Here is the trailer of this original documentary series, Cheer.

Proposal : Food Inc.

This documentary uses a myriad film techniques and tools to convince us that the food we’re eating is not only artificially created and processed addictive poison, but also that the enormous organizations that produce these foods commit acts that seem inherently evil. Through various film techniques, personal interviews, and the intense imagery of animal cruelty, the argument is presented to us that the food we eat is horrible for us, and everyone involved in the process. It will be hard to stay unbiased as I watch this film, but I hope my biases will help shine a light on theirs.

Proposal 1: Youtubers and their politics on Disney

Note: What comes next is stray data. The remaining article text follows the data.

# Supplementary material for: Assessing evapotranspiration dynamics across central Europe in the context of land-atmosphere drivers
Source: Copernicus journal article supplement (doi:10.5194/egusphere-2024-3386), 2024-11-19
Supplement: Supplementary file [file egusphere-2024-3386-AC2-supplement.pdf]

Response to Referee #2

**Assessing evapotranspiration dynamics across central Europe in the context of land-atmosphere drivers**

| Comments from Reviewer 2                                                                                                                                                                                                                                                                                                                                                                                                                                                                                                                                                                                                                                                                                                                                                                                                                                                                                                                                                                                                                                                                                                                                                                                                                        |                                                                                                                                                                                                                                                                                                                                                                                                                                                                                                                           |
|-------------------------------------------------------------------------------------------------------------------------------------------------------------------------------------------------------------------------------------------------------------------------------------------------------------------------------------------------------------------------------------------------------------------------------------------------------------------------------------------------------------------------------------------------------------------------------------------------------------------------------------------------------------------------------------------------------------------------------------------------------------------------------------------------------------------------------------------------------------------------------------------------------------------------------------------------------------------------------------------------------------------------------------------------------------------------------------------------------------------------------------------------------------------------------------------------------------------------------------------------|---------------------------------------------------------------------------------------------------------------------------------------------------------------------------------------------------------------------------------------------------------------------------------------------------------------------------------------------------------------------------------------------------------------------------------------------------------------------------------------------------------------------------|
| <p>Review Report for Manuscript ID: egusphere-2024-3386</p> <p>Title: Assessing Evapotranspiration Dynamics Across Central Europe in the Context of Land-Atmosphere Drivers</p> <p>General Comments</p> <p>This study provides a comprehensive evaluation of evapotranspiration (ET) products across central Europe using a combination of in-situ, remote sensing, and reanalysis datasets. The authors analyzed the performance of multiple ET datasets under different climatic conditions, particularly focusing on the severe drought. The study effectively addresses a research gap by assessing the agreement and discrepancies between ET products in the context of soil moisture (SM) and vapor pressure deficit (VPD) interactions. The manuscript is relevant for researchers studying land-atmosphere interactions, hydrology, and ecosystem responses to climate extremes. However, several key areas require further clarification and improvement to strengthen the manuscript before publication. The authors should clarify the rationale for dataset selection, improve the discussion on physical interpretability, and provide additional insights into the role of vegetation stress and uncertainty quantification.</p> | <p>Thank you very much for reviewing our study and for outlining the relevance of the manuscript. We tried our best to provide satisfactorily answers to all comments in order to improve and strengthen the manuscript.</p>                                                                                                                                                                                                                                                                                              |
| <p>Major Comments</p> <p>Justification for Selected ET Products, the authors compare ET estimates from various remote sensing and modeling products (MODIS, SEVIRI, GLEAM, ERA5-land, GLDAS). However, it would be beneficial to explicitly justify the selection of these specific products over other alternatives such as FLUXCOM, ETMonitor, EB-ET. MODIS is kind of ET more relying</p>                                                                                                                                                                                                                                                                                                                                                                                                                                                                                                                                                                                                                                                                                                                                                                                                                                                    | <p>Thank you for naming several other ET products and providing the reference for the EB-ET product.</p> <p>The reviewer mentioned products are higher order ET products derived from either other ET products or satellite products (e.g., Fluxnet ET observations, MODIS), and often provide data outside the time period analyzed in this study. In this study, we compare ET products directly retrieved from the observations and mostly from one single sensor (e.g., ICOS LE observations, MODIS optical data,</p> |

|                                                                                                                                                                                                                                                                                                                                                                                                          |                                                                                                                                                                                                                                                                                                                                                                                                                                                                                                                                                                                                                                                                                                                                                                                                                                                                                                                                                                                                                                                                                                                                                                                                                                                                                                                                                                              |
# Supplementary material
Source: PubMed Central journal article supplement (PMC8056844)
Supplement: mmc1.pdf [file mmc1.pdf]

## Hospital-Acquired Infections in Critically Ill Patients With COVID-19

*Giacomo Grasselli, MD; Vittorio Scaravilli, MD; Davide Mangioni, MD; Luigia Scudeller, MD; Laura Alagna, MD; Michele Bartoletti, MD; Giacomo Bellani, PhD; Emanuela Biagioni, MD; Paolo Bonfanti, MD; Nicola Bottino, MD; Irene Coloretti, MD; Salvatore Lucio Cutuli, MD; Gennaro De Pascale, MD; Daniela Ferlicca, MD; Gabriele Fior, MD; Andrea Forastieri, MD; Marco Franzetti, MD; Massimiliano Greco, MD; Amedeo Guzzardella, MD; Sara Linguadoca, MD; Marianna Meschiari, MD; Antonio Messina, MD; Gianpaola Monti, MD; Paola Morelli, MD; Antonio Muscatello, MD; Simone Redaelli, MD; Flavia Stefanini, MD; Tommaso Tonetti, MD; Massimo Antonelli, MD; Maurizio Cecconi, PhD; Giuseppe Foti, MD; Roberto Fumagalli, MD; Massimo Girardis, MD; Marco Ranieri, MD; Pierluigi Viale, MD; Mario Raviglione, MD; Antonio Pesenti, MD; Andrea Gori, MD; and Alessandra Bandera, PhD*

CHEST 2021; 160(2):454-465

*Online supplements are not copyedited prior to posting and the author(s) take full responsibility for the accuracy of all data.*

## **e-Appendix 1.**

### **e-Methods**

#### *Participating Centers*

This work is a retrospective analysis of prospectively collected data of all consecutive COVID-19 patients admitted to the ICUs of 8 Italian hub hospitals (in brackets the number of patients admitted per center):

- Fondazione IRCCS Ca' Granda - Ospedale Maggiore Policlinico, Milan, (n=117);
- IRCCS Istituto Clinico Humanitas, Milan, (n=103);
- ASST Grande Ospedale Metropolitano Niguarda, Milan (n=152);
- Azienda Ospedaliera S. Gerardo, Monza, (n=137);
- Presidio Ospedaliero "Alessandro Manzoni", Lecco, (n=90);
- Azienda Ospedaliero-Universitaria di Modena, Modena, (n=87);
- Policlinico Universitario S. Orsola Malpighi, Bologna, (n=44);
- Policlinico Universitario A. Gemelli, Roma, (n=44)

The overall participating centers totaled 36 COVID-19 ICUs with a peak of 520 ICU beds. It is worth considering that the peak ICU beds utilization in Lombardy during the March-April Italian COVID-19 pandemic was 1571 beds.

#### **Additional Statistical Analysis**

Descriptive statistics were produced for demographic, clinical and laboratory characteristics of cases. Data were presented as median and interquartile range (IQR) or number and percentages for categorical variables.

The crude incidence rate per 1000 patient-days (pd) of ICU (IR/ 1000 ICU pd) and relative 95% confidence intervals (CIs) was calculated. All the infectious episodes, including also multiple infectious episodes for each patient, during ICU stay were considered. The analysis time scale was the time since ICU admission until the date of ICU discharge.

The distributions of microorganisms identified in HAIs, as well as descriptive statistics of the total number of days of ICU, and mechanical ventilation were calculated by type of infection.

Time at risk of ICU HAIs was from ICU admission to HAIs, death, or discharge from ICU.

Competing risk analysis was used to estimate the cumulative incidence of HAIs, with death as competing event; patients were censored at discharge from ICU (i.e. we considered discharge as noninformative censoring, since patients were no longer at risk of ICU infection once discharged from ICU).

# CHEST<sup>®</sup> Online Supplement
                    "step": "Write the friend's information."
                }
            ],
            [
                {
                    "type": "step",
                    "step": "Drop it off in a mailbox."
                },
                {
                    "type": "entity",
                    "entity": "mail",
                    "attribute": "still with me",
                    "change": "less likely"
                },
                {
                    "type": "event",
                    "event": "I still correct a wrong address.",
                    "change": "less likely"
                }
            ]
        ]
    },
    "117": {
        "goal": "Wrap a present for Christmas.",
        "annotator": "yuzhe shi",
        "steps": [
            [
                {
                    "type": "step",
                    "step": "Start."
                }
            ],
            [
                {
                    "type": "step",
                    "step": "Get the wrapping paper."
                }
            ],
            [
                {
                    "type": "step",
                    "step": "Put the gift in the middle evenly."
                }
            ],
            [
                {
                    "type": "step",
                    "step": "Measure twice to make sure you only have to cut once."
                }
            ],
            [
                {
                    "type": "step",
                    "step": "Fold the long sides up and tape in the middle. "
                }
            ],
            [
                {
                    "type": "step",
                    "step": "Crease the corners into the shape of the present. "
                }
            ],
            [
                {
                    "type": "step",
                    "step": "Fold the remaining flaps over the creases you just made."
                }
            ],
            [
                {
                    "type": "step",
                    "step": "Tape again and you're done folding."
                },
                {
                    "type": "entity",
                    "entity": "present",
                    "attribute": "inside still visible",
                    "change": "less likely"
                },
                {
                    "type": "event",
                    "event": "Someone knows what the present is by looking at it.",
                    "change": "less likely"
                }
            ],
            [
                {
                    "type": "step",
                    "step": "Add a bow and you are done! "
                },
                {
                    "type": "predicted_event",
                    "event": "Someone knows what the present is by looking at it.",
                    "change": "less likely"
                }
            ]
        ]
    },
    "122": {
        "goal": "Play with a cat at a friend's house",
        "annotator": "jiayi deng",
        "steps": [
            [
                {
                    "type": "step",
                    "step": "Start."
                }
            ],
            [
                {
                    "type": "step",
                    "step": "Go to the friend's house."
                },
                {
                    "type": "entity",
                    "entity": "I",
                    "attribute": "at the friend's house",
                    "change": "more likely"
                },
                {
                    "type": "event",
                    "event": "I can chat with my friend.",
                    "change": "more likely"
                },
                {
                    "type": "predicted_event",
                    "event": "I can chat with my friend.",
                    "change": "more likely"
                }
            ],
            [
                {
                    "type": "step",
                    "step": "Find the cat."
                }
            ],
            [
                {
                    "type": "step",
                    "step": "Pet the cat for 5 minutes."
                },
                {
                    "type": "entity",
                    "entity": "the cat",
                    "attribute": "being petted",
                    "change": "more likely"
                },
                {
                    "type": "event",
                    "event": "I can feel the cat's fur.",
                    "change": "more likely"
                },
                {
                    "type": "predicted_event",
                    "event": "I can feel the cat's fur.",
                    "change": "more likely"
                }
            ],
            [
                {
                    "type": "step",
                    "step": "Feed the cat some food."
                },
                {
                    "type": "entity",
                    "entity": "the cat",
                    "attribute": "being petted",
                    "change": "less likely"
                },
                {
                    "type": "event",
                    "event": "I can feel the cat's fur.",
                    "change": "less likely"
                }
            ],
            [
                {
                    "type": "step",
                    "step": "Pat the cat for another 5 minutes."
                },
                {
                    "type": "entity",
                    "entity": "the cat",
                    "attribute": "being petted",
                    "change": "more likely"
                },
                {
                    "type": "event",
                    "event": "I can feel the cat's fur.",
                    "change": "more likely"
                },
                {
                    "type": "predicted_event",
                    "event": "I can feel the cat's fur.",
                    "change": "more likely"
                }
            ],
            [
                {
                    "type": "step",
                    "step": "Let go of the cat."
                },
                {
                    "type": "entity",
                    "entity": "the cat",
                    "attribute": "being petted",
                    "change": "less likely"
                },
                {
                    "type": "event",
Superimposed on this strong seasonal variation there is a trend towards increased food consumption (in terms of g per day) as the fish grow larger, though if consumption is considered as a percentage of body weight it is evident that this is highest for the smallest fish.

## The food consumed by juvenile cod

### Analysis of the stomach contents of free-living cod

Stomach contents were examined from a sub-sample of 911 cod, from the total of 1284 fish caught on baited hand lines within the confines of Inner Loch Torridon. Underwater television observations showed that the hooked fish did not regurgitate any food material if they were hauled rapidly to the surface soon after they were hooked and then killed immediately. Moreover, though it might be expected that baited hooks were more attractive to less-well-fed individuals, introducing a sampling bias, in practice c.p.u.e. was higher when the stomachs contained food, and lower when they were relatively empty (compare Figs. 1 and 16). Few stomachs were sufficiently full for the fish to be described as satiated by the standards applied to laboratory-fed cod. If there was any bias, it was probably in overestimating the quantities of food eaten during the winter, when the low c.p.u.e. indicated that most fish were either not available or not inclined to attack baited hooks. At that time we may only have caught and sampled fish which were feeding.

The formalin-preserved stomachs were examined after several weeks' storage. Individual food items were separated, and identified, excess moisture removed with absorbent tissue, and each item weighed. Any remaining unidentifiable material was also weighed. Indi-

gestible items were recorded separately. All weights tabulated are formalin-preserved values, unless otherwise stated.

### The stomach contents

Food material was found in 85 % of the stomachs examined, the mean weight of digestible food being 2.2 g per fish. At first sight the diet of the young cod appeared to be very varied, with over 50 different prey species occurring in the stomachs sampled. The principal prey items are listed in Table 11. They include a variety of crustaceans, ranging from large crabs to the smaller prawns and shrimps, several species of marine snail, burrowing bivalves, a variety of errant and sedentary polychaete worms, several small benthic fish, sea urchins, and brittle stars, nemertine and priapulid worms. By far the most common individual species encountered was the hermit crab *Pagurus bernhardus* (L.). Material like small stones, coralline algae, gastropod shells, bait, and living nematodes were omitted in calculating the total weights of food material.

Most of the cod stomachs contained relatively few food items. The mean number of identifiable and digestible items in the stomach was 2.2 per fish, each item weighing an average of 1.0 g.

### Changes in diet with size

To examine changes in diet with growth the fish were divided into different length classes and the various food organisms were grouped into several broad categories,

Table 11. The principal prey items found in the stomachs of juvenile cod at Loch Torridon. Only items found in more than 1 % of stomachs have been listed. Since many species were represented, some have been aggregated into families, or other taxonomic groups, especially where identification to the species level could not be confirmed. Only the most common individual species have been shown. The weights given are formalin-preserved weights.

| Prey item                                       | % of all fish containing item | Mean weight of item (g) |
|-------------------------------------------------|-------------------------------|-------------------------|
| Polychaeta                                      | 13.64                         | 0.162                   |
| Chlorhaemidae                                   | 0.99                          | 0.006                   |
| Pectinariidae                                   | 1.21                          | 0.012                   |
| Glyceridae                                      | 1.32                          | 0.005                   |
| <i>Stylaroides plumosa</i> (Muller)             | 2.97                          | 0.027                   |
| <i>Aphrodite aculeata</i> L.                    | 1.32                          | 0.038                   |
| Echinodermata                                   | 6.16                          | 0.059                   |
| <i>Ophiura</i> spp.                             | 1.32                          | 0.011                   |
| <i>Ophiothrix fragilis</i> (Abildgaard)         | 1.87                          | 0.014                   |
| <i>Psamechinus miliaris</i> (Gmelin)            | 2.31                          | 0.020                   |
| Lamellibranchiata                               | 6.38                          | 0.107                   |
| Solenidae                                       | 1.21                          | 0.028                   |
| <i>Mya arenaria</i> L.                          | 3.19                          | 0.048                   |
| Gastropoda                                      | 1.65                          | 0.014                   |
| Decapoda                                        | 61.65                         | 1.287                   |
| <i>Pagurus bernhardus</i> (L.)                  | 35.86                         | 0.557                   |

The artifact that I wish to discuss is a series of YouTube videos that are made by a set of YouTubers that attempt to push political views on those who follow Disney. Most of these videos attempt to persuade you against current media such as movies or comics that practically revolve around Disney properties like Star Wars and Marvel, using terms such as SJW or snowflake in order to discredit styles of writing or representation in these works. This is meant to slander these forms of media in order to claim these creators are overly sensitive, overly political or possibly racist toward white men. There exist other platforms and social media presences that discourage following this viewpoint as itself being racist. I want to study this due to the spread of negativity and gatekeeping that many of these videos show; these videos also use click baiting to gain views and also twist a narrative that further divides fans into realms of politics, rather than critical reviews. These videos fall in line with the persuasion and identification section of class, as the YouTubers attempt to persuade the viewer into agreeing with their negative views about the writers of Disney while identifying themselves as the voices of reason and logic.